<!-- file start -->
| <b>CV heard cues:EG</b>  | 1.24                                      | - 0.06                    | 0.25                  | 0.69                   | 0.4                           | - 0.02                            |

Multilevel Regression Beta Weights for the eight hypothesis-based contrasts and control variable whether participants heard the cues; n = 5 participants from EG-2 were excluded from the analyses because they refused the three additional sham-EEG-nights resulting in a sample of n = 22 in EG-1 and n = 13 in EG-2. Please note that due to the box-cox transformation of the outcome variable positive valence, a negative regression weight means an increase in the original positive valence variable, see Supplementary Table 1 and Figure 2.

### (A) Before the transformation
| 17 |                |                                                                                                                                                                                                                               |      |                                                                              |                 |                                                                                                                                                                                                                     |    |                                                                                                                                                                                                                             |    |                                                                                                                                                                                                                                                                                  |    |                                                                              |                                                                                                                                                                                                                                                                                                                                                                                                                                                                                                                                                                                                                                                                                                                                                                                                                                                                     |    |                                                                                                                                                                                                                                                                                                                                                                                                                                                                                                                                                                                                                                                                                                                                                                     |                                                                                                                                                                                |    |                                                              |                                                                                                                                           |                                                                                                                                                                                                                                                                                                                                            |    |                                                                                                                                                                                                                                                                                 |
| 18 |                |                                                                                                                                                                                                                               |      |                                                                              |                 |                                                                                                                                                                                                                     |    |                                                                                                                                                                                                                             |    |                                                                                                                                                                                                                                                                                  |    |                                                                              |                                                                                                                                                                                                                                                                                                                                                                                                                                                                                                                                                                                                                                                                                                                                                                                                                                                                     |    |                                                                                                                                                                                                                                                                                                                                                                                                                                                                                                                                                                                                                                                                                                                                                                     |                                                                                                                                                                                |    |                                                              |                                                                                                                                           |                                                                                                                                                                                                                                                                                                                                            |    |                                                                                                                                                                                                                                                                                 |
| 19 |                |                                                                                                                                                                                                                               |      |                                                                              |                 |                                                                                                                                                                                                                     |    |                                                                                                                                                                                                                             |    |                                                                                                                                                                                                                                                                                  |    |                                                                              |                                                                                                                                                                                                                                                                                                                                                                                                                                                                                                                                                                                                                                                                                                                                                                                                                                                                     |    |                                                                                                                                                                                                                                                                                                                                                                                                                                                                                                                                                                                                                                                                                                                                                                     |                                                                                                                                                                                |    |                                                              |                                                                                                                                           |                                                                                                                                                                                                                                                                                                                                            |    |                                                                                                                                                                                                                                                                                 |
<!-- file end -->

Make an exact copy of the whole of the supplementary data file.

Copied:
| <b>CV heard cues:EG</b>  | 1.24                                      | - 0.06                    | 0.25                  | 0.69                   | 0.4                           | - 0.02                            |

Multilevel Regression Beta Weights for the eight hypothesis-based contrasts and control variable whether participants heard the cues; n = 5 participants from EG-2 were excluded from the analyses because they refused the three additional sham-EEG-nights resulting in a sample of n = 22 in EG-1 and n = 13 in EG-2. Please note that due to the box-cox transformation of the outcome variable positive valence, a negative regression weight means an increase in the original positive valence variable, see Supplementary Table 1 and Figure 2.

### (A) Before the transformation
| 17 |                |                                                                                                                                                                                                                               |      |                                                                              |                 |                                                                                                                                                                                                                     |    |                                                                                                                                                                                                                             |    |                                                                                                                                                                                                                                                                                  |    |                                                                              |                                                                                                                                                                                                                                                                                                                                                                                                                                                                                                                                                                                                                                                                                                                                                                                                                                                                     |    |                                                                                                                                                                                                                                                                                                                                                                                                                                                                                                                                                                                                                                                                                                                                                                     |                                                                                                                                                                                |    |                                                              |                                                                                                                                           |                                                                                                                                                                                                                                                                                                                                            |    |                                                                                                                                                                                                                                                                                 |
| 18 |                |                                                                                                                                                                                                                               |      |                                                                              |                 |                                                                                                                                                                                                                     |    |                                                                                                                                                                                                                             |    |                                                                                                                                                                                                                                                                                  |    |                                                                              |                                                                                                                                                                                                                                                                                                                                                                                                                                                                                                                                                                                                                                                                                                                                                                                                                                                                     |    |                                                                                                                                                                                                                                                                                                                                                                                                                                                                                                                                                                                                                                                                                                                                                                     |                                                                                                                                                                                |    |                                                              |                                                                                                                                           |                                                                                                                                                                                                                                                                                                                                            |    |                                                                                                                                                                                                                                                                                 |
| 19 |                |                                                                                                                                                                                                                               |      |                                                                              |                 |                                                                                                                                                                                                                     |    |                                                                                                                                                                                                                             |    |                                                                                                                                                                                                                                                                                  |    |                                                                              |                                                                                                                                                                                                                                                                                                                                                                                                                                                                                                                                                                                                                                                                                                                                                                                                                                                                     |    |                                                                                                                                                                                                                                                                                                                                                                                                                                                                                                                                                                                                                                                                                                                                                                     |                                                                                                                                                                                |    |                                                              |                                                                                                                                           |                                                                                                                                                                                                                                                                                                                                            |    |                                                                                                                                                                                                                                                                                 |